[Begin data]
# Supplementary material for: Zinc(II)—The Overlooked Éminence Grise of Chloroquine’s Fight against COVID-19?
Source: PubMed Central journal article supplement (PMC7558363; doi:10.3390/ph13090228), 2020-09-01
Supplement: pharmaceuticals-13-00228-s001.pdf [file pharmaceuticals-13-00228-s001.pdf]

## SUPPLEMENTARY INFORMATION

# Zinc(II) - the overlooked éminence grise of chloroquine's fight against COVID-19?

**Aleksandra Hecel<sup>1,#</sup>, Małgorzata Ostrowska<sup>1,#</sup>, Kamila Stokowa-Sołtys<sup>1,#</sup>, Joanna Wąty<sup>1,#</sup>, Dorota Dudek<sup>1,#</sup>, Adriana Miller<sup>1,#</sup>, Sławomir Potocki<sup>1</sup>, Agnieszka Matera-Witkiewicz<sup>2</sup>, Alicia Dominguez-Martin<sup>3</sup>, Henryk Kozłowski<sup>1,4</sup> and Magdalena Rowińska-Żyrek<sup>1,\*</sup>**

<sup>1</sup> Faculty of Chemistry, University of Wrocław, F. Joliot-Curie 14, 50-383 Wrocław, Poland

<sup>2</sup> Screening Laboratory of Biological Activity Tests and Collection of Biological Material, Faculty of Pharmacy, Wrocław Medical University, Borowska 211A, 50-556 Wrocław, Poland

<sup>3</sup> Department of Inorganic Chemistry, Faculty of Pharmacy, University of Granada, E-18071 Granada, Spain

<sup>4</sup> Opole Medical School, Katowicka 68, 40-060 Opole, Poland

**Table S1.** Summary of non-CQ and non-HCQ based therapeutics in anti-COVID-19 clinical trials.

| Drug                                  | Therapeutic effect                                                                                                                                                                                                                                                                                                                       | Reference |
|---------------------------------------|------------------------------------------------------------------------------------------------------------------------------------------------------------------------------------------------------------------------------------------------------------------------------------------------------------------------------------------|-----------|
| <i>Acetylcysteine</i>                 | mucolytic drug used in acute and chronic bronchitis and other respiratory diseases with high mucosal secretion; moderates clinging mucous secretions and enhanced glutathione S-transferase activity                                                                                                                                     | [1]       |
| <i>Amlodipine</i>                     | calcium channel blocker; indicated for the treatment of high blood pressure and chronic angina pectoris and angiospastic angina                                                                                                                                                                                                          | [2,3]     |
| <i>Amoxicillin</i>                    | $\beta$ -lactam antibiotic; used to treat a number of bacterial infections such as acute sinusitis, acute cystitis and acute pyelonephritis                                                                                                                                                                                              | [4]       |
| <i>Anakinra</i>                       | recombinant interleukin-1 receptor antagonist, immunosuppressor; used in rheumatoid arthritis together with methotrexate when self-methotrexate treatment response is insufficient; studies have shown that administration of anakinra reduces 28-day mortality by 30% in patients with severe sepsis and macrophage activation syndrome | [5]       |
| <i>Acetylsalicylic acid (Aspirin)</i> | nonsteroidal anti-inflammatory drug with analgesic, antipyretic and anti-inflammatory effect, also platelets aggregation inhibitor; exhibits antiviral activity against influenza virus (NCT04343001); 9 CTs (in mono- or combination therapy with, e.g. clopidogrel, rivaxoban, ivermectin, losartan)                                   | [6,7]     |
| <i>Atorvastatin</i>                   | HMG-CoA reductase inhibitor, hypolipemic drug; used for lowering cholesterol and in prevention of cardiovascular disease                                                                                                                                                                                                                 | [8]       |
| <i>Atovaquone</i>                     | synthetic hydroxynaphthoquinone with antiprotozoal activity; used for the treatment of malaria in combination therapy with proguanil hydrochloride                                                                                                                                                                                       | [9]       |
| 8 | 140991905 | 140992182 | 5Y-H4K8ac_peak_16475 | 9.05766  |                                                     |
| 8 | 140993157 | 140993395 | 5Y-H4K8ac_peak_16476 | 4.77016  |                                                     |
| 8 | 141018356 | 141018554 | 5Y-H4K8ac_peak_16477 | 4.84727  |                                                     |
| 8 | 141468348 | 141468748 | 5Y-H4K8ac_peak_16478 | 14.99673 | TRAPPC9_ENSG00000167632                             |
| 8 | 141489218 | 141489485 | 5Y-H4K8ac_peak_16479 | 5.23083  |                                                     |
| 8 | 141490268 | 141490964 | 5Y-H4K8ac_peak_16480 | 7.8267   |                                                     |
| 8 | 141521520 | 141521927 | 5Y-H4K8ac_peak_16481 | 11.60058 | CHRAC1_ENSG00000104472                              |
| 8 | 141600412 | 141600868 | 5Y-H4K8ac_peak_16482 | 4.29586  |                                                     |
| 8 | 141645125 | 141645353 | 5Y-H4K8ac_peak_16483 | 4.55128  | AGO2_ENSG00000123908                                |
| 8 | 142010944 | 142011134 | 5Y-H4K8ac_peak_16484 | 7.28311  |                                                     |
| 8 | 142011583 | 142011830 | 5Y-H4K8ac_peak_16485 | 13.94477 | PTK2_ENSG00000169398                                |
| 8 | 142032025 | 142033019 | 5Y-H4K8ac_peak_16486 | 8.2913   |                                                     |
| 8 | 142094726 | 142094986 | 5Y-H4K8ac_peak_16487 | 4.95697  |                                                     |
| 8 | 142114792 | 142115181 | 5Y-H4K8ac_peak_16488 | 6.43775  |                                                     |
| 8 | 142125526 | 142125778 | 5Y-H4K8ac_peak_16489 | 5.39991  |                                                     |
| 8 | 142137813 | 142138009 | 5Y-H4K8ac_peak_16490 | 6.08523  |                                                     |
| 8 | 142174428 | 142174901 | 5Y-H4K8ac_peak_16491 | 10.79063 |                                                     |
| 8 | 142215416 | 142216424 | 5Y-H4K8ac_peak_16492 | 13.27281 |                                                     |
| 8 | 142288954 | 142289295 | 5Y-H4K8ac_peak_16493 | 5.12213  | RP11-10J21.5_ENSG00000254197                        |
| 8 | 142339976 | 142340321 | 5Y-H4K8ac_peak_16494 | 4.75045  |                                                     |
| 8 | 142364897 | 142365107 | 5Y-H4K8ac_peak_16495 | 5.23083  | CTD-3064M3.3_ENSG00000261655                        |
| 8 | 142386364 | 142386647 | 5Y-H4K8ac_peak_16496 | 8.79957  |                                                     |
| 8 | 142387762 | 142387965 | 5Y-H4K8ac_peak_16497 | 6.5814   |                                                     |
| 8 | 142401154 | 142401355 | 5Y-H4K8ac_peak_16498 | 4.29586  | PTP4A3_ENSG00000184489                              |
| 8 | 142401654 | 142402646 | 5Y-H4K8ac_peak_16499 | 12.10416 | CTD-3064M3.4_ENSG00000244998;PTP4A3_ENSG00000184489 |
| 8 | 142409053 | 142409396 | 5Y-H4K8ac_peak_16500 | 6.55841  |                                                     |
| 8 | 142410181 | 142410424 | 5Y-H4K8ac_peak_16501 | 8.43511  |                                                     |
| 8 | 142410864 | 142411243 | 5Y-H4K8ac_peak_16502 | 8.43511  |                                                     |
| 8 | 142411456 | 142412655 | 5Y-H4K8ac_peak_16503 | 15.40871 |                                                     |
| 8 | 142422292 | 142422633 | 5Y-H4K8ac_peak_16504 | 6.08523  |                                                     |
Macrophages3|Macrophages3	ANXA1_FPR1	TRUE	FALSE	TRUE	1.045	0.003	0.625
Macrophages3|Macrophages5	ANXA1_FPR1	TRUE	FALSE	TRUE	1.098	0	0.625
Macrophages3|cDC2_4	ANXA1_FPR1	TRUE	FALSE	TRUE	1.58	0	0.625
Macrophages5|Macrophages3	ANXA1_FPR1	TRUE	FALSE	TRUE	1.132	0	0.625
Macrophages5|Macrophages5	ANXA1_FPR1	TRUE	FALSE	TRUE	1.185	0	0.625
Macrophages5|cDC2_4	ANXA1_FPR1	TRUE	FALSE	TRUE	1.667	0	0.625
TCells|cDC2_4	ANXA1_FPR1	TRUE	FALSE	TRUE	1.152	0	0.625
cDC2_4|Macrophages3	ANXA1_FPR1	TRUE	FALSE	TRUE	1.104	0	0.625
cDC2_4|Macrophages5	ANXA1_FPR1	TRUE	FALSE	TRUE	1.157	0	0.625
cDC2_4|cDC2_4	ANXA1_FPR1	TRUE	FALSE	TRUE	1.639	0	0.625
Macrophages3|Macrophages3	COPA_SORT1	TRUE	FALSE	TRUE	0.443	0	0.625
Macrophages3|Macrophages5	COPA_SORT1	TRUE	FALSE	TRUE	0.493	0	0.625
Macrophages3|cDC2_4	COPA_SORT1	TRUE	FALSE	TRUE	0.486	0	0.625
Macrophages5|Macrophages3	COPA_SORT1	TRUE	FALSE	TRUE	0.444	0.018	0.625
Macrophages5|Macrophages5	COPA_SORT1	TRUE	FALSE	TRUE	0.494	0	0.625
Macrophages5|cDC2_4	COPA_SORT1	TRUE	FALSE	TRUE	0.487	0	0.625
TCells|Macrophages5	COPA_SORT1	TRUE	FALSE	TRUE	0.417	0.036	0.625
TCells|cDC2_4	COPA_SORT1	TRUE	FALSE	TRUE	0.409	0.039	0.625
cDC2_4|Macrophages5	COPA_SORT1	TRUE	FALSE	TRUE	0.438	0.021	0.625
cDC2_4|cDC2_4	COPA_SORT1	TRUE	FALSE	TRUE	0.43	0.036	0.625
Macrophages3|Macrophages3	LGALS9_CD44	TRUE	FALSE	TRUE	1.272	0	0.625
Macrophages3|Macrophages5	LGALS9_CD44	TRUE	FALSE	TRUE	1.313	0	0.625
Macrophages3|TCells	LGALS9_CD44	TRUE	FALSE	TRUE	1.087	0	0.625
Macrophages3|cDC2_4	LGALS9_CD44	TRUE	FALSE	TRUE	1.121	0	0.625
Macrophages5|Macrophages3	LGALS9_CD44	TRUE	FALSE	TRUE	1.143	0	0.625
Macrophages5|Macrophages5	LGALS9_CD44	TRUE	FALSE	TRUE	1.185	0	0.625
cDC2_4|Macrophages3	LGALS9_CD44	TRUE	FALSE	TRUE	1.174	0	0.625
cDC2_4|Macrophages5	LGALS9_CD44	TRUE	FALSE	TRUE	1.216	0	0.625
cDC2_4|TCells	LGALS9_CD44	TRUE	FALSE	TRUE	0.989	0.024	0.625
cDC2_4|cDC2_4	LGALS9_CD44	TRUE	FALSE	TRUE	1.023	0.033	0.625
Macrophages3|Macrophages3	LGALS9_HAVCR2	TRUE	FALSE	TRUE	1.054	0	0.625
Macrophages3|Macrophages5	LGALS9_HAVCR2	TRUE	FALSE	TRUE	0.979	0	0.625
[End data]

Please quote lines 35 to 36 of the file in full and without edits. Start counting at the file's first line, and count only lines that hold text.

| 8 | 142125526 | 142125778 | 5Y-H4K8ac_peak_16489 | 5.39991  |                                                     |
| 8 | 142137813 | 142138009 | 5Y-H4K8ac_peak_16490 | 6.08523  |                                                     |